Microglia are cells of the myeloid lineage that reside in the central nervous system (CNS)1. These cells play an important role in pathologies of many diseases associated with neuroinflammation such as multiple sclerosis (MS)2. Microglia in a normal CNS express macrophage marker CD11b and exhibit a resting phenotype by expressing low levels of activation markers such as CD45. During pathological events in the CNS, microglia become activated as determined by upregulation of CD45 and other markers3. The factors that affect microglia phenotype and functions in the CNS are not well studied. MicroRNAs (miRNAs) are a growing family of conserved molecules (~22 nucleotides long) that are involved in many normal physiological processes such as cell growth and differentiation4 and pathologies such as inflammation5. MiRNAs downregulate the expression of certain target genes by binding complementary sequences of their mRNAs and play an important role in the activation of innate immune cells including macrophages6 and microglia7. In order to investigate miRNA-mediated pathways that define the microglial phenotype, biological function, and to distinguish microglia from other types of macrophages, it is important to quantitatively assess the expression of particular microRNAs in distinct subsets of CNS-resident microglia. Common methods for measuring the expression of miRNAs in the CNS include quantitative PCR from whole neuronal tissue and in situ hybridization. However, quantitative PCR from whole tissue homogenate does not allow the assessment of the expression of miRNA in microglia, which represent only 5-15% of the cells of neuronal tissue. Hybridization in situ allows the assessment of the expression of microRNA in specific cell types in the tissue sections, but this method is not entirely quantitative. In this report we describe a quantitative and sensitive method for the detection of miRNA by real-time PCR in microglia isolated from normal CNS or during neuroinflammation using experimental autoimmune encephalomyelitis (EAE), a mouse model for MS. The described method will be useful to measure the level of expression of microRNAs in microglia in normal CNS or during neuroinflammation associated with various pathologies including MS, stroke, traumatic injury, Alzheimer's disease and brain tumors.
Immunology, Issue 65, Neuroscience, Genetics, microglia, macrophages, microRNA, brain, mouse, real-time PCR, neuroinflammation
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Real Time Measurements of Membrane Protein:Receptor Interactions Using Surface Plasmon Resonance (SPR)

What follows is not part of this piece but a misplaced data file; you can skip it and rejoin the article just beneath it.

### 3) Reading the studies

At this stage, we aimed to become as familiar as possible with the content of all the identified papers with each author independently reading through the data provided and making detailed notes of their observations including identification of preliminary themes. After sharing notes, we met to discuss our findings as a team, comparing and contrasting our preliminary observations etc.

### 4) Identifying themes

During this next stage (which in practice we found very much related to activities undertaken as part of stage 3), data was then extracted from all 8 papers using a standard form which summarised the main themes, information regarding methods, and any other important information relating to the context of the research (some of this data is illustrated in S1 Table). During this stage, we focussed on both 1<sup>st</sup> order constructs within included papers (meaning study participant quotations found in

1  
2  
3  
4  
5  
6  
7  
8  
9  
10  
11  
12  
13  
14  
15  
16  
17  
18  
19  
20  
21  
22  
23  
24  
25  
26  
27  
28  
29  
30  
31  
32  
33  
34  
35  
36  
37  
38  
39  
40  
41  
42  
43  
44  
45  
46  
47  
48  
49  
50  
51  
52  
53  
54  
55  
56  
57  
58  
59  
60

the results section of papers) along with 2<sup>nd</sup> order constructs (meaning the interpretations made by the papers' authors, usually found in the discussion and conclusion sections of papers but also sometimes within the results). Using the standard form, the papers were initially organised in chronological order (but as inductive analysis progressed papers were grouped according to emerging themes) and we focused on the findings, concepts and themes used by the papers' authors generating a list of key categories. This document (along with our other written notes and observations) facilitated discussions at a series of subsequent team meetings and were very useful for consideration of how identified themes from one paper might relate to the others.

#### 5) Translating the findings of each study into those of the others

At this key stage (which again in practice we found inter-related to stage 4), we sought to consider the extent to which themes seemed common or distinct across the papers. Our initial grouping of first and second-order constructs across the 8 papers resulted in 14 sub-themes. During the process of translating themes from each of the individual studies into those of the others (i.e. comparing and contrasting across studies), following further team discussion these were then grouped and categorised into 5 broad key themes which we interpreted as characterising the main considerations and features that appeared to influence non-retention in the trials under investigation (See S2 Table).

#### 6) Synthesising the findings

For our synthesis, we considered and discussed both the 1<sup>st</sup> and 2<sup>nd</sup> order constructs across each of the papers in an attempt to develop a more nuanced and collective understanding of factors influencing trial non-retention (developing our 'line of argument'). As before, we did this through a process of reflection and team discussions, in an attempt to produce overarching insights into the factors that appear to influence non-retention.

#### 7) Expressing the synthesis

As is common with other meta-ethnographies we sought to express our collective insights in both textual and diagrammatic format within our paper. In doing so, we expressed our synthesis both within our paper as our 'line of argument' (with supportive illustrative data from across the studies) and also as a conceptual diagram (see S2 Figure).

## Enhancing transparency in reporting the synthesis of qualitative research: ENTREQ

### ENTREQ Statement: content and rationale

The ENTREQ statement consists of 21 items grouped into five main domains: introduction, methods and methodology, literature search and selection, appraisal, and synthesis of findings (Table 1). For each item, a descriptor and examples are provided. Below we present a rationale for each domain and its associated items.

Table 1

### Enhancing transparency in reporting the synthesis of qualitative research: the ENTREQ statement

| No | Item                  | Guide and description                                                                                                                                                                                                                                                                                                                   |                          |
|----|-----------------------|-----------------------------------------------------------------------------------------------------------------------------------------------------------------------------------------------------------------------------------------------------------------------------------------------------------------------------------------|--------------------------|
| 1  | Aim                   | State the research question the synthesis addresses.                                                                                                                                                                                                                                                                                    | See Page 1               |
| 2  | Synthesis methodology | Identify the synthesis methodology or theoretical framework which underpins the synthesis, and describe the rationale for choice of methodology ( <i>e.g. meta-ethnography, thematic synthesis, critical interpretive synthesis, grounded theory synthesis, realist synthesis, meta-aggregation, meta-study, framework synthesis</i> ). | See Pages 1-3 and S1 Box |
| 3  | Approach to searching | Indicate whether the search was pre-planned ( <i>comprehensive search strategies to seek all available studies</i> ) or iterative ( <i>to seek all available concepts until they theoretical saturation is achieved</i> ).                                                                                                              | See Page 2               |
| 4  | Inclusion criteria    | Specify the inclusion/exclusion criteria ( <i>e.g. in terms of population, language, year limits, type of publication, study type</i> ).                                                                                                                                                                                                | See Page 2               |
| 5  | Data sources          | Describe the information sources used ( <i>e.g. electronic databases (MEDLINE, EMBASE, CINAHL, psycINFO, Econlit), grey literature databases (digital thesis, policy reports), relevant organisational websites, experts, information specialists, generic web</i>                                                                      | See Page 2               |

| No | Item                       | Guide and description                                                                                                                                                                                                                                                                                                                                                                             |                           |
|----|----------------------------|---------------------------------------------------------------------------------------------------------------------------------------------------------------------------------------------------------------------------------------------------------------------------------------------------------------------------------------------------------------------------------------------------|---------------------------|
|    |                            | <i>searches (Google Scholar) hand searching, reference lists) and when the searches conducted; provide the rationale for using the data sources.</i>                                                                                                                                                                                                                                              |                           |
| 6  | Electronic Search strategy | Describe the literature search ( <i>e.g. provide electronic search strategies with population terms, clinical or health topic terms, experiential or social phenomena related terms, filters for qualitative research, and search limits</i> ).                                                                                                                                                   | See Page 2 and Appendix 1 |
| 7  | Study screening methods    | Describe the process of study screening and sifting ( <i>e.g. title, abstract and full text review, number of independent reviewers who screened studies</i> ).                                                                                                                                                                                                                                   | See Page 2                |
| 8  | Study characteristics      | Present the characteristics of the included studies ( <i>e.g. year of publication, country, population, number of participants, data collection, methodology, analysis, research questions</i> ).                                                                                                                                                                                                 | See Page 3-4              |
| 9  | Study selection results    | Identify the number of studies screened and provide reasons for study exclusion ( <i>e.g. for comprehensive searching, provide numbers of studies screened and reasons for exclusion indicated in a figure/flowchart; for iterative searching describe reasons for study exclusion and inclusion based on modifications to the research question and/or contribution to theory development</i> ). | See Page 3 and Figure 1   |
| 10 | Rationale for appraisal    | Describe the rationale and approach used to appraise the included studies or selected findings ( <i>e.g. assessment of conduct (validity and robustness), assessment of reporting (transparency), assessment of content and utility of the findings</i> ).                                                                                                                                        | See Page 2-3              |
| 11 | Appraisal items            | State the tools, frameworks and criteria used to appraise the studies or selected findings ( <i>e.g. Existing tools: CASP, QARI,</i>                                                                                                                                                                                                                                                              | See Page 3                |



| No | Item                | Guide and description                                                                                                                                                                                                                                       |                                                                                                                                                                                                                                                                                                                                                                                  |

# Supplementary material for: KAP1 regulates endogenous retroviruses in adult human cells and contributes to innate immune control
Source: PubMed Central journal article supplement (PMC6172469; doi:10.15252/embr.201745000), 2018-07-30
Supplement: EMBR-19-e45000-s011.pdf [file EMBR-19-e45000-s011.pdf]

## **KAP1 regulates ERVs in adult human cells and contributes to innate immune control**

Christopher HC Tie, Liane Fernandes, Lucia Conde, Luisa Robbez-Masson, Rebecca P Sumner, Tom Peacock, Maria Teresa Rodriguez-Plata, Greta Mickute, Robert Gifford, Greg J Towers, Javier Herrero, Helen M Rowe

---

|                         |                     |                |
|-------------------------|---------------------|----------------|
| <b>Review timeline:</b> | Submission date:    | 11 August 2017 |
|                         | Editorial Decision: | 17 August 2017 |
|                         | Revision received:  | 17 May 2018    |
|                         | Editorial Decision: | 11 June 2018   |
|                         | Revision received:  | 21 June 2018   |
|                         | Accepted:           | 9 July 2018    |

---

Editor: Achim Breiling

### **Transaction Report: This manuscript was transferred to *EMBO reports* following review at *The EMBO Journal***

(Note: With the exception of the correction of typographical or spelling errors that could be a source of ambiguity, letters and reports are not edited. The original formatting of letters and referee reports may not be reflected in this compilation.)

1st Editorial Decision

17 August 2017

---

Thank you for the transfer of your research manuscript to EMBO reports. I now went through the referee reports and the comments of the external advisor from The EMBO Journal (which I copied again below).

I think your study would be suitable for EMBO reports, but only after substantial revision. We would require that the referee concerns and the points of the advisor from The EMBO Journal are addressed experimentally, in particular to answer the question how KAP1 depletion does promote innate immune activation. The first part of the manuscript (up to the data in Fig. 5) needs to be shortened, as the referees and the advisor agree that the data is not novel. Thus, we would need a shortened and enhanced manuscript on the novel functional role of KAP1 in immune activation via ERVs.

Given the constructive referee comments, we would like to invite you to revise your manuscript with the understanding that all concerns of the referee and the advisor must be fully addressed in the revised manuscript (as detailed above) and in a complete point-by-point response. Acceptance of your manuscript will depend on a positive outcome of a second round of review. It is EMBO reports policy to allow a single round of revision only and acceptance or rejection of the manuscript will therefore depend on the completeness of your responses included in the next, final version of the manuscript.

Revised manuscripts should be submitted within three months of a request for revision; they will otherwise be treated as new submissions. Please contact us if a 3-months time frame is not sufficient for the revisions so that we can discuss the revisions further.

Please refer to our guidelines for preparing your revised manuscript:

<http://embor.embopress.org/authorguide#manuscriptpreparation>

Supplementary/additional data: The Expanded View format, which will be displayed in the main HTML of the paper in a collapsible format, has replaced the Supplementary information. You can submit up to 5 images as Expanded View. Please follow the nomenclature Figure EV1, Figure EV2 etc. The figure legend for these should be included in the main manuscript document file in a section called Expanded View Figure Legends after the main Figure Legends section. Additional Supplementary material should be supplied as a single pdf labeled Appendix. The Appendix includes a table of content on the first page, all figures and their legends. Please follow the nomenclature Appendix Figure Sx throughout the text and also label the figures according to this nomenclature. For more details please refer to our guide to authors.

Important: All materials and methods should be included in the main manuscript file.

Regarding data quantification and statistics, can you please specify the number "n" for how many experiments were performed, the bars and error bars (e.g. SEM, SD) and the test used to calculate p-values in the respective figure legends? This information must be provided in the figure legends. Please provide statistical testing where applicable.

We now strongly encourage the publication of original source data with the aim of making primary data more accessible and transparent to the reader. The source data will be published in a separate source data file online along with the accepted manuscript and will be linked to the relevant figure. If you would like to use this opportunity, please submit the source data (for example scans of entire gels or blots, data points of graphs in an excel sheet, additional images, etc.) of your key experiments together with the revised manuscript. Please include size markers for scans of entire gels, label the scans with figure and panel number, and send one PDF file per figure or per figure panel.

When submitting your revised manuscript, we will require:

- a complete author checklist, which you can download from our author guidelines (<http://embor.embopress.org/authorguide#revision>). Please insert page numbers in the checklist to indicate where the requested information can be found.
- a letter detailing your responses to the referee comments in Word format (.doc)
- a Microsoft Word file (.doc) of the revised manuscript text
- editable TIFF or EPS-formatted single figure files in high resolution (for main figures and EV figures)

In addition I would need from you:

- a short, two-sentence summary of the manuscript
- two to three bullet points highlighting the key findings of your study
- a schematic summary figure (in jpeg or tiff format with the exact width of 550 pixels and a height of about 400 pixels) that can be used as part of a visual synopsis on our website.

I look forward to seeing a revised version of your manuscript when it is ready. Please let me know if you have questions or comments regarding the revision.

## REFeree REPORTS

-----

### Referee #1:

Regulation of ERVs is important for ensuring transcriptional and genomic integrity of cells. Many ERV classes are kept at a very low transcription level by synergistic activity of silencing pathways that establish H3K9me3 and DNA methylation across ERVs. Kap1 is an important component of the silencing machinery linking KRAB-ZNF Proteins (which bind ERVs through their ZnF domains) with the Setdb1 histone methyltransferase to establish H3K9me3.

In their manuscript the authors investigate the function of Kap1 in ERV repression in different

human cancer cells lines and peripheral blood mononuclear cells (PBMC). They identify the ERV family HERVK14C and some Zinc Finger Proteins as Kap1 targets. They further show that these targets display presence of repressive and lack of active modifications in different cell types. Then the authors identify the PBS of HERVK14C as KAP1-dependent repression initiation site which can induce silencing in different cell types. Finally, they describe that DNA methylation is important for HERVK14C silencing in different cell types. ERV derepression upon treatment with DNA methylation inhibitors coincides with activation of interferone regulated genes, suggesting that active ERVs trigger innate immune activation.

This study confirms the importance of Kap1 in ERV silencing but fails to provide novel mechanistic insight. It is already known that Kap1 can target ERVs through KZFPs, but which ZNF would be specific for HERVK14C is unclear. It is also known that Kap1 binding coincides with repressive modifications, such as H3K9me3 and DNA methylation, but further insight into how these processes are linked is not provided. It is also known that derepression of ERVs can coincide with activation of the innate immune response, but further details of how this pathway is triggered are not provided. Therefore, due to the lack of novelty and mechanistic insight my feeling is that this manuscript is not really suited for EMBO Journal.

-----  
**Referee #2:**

Authors: Nurit Livnat Levanon, Elena Vigonsky, Oded Lewinson.
Institutions: The Technion-Israel Institute of Technology.
Protein-protein interactions are pivotal to most, if not all, physiological processes, and understanding the nature of such interactions is a central step in biological research. Surface Plasmon Resonance (SPR) is a sensitive detection technique for label-free study of bio-molecular interactions in real time. In a typical SPR experiment, one component (usually a protein, termed 'ligand') is immobilized onto a sensor chip surface, while the other (the 'analyte') is free in solution and is injected over the surface. Association and dissociation of the analyte from the ligand are measured and plotted in real time on a graph called a sensogram, from which pre-equilibrium and equilibrium data is derived. Being label-free, consuming low amounts of material, and providing pre-equilibrium kinetic data, often makes SPR the method of choice when studying dynamics of protein interactions. However, one has to keep in mind that due to the method's high sensitivity, the data obtained needs to be carefully analyzed, and supported by other biochemical methods. SPR is particularly suitable for studying membrane proteins since it consumes small amounts of purified material, and is compatible with lipids and detergents. This protocol describes an SPR experiment characterizing the kinetic properties of the interaction between a membrane protein (an ABC transporter) and a soluble protein (the transporter's cognate substrate binding protein).